The problem with having so many simultaneous online business discussions going on is the ever present temptation to get involved in them.
And lose many hours in the process.
I’d love to say I’m immune but that would be far from the truth.
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Take for example the gongs given to a regional café website by a well-known online publication for being so creative and innovative.
Cool but unusable
The website in question was certainly creative. From memory – and it has to be from memory because it is no longer live, it had a colourful and intriguing ‘splash page’ before you made your way into the website.
But instead of a standard ‘magazine front cover’ style home page with the kind of menus and ‘eye-leaders’ you would expect, the page was devoid of verbal cues and menus and instead made you hunt for pages by clicking on a wine bottle, or a dinner plate and so on.
In other words, you had to hunt for the content you were after instead of being guided to it.
The critic in question described it thus:
No world-changing apps or game-changing widgets here. This site is clever, simple, oozing with the personality of the cafe and its owners, without forgetting important things, like a mailing list sign-up form and map (all-too-often forgotten) – just the stuff that makes you want to leave work early, jump in the car and head straight for their version of the good life.
And this is where I took exception. And became engaged in a lengthy and time consuming debate.
Clever but ineffective
Because whilst it was undoubtedly clever and oozing with personality, it completely ignored the fundamental purpose of best practice navigation and usability:
To provide the user with as much control over the website and its content as possible so as to enable them to achieve the purpose of their visit easily and seamlessly.
No website visitor likes to be held to ransom by an award-seeking creative. They like to be able to satisfy their specific goal – whether that’s find its opening hours, location, menu or dietary catering as quickly and seamlessly as possible.
This is because, on most occasions, they are on an information-finding mission. They want to find out some information to satisfy their query about your business with a view to doing business with you.
Better still the website will then provide a logical ‘next step’ – in this case perhaps a real time booking capability or even a live chat capability – something to take the customer closer to the sale.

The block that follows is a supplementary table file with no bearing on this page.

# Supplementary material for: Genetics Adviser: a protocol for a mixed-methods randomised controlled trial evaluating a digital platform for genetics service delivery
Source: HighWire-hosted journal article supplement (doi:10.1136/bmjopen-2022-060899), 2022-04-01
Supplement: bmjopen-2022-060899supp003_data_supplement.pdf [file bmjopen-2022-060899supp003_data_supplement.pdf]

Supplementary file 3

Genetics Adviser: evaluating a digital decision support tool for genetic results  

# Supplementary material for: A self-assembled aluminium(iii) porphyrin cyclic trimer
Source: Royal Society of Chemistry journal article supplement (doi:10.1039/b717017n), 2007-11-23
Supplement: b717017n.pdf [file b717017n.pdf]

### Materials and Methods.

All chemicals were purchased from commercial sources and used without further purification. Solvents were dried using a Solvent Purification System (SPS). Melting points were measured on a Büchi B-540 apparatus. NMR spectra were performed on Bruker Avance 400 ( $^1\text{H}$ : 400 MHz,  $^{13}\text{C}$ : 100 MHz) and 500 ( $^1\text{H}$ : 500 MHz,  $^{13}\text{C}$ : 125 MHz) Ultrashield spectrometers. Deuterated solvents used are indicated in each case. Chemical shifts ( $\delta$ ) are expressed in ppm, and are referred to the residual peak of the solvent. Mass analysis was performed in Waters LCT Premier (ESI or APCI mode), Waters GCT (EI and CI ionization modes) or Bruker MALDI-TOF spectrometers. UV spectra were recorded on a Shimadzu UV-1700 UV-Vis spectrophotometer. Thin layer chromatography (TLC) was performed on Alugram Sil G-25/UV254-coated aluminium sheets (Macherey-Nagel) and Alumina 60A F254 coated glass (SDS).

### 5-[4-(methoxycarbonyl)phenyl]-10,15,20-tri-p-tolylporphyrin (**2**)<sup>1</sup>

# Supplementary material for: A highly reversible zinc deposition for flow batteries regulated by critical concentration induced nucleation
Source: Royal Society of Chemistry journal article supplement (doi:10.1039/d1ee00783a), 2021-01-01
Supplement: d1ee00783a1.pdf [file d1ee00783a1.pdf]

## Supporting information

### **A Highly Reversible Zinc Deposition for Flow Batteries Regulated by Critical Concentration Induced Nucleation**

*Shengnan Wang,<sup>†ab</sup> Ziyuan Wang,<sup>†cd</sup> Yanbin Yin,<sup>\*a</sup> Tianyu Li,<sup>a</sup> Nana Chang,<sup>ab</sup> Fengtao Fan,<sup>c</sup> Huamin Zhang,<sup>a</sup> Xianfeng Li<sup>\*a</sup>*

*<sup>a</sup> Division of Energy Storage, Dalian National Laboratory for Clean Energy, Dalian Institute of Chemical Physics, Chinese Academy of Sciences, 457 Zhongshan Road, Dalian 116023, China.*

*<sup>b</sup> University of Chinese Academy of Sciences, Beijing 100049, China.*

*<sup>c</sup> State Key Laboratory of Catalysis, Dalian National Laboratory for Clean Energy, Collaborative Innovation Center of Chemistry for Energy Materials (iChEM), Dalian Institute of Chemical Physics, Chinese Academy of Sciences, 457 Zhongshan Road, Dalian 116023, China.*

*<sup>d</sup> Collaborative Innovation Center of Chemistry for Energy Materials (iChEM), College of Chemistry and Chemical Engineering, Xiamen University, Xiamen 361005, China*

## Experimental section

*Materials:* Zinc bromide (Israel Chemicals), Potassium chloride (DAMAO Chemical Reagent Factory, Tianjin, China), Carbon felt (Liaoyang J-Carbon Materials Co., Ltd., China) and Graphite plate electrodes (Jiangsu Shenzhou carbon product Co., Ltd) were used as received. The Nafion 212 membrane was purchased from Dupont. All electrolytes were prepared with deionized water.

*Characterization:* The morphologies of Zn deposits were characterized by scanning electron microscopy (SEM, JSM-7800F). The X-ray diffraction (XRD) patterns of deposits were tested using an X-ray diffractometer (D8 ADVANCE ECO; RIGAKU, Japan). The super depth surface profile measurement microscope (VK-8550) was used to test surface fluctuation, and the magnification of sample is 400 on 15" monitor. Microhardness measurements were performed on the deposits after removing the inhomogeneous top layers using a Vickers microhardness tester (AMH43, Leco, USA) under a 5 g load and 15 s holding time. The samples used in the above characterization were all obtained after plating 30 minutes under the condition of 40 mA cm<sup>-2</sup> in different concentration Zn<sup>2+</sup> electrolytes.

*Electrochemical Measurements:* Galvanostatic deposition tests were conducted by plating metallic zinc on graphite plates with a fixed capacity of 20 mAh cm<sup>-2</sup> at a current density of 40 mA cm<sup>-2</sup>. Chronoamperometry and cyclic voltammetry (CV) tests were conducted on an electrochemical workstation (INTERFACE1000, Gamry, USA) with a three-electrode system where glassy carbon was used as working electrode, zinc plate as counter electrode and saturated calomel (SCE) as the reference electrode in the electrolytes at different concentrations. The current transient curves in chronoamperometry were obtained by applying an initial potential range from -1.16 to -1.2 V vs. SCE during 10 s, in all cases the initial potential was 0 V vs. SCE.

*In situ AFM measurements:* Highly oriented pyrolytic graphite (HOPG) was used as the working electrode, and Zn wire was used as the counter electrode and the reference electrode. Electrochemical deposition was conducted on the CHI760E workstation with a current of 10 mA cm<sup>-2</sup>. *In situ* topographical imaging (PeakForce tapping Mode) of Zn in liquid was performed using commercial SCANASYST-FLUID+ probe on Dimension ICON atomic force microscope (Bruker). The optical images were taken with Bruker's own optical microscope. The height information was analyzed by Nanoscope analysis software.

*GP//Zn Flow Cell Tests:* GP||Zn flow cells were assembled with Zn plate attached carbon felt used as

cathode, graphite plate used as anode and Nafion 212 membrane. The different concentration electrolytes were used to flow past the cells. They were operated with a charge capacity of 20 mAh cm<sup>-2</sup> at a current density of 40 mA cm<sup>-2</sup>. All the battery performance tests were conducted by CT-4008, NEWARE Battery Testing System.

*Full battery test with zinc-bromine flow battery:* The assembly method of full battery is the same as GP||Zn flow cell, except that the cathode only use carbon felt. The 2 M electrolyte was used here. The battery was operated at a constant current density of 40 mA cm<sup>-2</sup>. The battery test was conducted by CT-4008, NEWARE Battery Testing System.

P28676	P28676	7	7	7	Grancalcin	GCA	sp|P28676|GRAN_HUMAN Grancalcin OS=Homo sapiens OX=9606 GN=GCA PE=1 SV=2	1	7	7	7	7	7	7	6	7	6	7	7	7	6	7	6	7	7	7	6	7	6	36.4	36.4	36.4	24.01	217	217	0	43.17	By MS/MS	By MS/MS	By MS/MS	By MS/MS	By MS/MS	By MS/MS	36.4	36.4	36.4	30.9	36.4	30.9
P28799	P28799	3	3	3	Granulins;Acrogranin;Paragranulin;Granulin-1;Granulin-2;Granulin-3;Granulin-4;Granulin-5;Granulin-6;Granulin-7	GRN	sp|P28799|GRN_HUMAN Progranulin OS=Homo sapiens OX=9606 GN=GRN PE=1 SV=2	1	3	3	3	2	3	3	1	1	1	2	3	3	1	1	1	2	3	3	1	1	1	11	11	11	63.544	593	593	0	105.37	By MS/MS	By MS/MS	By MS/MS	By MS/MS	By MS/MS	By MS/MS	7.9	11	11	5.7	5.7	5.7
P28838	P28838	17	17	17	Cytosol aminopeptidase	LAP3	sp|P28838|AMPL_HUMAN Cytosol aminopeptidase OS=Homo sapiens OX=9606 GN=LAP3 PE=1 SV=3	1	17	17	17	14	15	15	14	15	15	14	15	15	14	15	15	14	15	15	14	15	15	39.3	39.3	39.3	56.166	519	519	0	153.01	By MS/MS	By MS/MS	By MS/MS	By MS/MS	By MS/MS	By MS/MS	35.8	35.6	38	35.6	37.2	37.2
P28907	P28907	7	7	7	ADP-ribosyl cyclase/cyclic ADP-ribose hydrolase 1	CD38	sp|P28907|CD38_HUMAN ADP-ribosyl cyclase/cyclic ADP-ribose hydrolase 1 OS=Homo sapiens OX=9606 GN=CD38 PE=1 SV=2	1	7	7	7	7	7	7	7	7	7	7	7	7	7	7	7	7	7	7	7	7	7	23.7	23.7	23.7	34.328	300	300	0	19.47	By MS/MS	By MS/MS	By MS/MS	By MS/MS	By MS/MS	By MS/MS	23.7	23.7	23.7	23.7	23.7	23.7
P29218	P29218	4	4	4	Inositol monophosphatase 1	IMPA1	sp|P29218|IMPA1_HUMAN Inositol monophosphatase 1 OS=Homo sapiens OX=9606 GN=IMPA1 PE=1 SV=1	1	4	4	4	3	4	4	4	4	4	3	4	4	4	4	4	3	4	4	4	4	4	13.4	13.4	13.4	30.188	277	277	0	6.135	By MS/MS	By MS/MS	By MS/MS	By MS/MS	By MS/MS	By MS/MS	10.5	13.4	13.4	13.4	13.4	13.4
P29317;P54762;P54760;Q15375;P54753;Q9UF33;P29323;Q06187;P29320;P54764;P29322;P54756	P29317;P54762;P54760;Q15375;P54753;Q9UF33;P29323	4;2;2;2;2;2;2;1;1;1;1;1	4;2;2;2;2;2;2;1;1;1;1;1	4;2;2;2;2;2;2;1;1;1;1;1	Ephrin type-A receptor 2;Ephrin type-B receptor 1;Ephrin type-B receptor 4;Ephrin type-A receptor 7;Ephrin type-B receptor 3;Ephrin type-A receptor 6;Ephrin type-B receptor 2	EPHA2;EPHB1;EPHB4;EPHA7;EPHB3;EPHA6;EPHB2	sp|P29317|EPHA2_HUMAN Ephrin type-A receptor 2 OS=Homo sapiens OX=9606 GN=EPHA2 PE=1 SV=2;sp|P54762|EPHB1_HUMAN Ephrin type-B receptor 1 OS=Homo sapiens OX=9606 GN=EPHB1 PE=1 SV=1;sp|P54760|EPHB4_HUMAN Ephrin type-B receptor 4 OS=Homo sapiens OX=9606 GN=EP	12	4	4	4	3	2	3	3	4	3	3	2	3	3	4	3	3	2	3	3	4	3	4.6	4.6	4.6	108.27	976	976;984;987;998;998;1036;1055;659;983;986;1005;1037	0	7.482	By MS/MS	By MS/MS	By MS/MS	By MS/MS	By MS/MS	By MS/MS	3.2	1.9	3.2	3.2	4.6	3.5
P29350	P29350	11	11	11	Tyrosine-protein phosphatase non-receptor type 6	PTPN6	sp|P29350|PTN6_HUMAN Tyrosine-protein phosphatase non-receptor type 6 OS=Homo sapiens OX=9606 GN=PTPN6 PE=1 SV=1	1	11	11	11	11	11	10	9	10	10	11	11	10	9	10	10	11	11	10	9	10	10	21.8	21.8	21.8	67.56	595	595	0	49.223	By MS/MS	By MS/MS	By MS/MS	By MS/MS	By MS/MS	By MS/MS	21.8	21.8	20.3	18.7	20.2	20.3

When cool is OK
The exception to this rule is when the goal of the user is to actually ‘play’ on the website. That is, they are not seeking information or a transaction but are at the website to be amused and tantalised. An example of this might be a gaming or other fun site.
Another exception is where the visitor is already so invested with your brand that they will enjoy the fun and mystery created by an unorthodox navigation structure.
However, few smaller businesses fit either of these descriptions.
This homepage for a social commerce provider may be mysterious and even enticing, but is it effective?
Not to say a business website can’t be fun or creative. In fact I’d be the first to applaud and endorse a website with these attributes.
It’s just that fundamental usability shouldn’t be sacrificed in doing so.
But usability wasn’t this website’s only issue. As many commented afterwards, its sins also included being inaccessible (due to using since-discredited ‘Flash’ technology) and poorly optimised for search engines.
Reasons for cool
So why do cool but unusable websites occur?
The reason can be traced to an oft-visited theme in this blog and that is a business operator’s fundamental lack of knowledge about what works and what doesn’t online.
Sure the site may be creative and attract the sort of attention described above, but it will ultimately let your customer down, causing inconvenience and frustration instead of clearing their path of obstacles that will lead to an enquiry, and in this case, booking and sale.
It’s important that you don’t fall for this time and money-wasting but common mistake.
In addition to being a leading eBusiness educator to the smaller business sector, Craig Reardon is the founder and director of independent web services firm The E Team which was established to address the special website and web marketing needs of SMEs in Melbourne and beyond.